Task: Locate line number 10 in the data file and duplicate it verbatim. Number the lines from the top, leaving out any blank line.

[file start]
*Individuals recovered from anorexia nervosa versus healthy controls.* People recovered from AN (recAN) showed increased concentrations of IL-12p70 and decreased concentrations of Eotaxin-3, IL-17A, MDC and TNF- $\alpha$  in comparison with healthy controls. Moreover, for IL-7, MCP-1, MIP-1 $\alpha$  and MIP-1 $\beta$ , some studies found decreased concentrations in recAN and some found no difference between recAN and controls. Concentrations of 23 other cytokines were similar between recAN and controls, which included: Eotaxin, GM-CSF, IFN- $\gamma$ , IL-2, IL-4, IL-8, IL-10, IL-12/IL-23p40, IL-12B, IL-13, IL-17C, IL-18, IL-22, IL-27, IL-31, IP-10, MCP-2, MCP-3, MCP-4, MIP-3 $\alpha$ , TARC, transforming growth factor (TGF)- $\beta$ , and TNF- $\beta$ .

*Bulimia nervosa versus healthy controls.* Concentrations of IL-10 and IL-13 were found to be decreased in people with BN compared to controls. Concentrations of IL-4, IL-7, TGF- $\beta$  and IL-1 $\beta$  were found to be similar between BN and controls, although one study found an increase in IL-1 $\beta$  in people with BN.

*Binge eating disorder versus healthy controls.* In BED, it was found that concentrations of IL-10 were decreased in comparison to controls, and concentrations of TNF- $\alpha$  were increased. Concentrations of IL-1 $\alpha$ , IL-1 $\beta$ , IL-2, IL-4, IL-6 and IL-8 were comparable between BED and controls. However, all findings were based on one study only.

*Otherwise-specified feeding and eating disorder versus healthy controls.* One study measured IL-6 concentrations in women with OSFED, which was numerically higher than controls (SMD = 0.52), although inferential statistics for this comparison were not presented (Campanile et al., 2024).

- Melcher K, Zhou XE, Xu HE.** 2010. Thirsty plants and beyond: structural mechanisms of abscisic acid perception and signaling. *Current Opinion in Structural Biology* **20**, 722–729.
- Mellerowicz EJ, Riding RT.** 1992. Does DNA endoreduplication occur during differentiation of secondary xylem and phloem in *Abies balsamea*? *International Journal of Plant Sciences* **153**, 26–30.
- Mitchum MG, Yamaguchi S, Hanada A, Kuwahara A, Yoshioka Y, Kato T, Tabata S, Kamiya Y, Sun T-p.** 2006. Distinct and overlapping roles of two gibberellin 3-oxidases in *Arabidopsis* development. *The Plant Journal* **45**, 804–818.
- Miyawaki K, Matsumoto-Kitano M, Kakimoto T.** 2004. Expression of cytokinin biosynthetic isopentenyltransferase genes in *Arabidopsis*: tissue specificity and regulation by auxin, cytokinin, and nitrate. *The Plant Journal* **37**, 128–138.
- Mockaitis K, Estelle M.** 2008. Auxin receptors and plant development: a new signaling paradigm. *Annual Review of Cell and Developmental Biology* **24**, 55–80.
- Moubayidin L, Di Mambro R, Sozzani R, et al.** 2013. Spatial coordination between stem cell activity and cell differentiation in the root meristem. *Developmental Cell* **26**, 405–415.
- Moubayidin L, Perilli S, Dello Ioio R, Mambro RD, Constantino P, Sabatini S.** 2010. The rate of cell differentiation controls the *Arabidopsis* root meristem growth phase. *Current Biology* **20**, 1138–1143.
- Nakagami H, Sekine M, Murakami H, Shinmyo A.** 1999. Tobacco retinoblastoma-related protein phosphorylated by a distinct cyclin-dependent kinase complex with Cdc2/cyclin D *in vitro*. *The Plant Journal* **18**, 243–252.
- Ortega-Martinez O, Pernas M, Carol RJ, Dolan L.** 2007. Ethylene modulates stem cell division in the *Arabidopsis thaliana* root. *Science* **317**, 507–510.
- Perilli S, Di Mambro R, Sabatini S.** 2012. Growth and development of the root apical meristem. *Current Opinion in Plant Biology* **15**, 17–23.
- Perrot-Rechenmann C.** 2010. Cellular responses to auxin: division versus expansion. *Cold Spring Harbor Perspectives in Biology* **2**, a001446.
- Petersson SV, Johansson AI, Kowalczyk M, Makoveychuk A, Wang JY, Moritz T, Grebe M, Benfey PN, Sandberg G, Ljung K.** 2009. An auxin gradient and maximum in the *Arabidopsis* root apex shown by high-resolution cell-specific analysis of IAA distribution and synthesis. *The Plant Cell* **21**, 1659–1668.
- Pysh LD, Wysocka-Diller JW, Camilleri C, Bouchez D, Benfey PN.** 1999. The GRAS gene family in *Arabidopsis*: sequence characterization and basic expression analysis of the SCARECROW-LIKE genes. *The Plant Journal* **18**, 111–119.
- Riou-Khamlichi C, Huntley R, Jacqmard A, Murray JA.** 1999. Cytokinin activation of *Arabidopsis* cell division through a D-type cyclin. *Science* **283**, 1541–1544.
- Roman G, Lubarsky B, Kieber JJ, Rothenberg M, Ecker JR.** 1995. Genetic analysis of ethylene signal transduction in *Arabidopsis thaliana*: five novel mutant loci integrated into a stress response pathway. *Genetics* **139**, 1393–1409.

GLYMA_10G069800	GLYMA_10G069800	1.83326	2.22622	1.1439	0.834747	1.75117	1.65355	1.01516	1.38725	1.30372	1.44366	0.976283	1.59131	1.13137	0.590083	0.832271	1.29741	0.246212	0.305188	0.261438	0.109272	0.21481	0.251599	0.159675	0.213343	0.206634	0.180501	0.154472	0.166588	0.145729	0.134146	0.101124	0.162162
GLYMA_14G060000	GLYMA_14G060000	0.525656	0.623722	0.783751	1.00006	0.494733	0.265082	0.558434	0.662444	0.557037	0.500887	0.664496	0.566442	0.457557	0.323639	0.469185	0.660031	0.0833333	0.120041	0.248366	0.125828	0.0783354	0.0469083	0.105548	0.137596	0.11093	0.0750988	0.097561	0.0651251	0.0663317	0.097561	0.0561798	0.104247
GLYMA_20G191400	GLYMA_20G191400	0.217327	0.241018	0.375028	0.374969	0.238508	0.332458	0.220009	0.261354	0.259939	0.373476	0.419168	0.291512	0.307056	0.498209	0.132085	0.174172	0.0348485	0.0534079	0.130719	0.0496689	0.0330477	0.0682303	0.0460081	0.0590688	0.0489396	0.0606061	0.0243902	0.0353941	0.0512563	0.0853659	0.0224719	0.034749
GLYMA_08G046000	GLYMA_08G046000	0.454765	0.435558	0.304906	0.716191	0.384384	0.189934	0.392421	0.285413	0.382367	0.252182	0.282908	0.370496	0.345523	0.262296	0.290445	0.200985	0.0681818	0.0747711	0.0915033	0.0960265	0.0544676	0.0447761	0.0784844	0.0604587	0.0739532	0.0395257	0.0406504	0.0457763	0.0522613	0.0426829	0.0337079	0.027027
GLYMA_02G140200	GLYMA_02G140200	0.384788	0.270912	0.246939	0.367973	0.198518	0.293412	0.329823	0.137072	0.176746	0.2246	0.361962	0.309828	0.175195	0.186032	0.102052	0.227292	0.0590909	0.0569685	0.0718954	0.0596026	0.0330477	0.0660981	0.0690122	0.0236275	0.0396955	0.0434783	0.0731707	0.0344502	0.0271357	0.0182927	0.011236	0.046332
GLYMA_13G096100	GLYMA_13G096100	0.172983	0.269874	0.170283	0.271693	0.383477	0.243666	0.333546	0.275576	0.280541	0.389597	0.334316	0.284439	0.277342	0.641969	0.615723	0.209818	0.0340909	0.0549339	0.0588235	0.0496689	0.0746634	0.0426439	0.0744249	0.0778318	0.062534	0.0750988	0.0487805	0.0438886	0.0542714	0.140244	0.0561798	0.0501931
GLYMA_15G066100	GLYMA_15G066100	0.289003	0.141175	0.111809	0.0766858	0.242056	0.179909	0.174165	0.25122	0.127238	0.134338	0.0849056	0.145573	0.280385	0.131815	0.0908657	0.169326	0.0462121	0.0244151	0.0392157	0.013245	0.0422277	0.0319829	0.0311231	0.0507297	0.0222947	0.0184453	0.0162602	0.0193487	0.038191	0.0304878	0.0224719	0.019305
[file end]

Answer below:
- Moubayidin L, Di Mambro R, Sozzani R, et al.** 2013. Spatial coordination between stem cell activity and cell differentiation in the root meristem. *Developmental Cell* **26**, 405–415.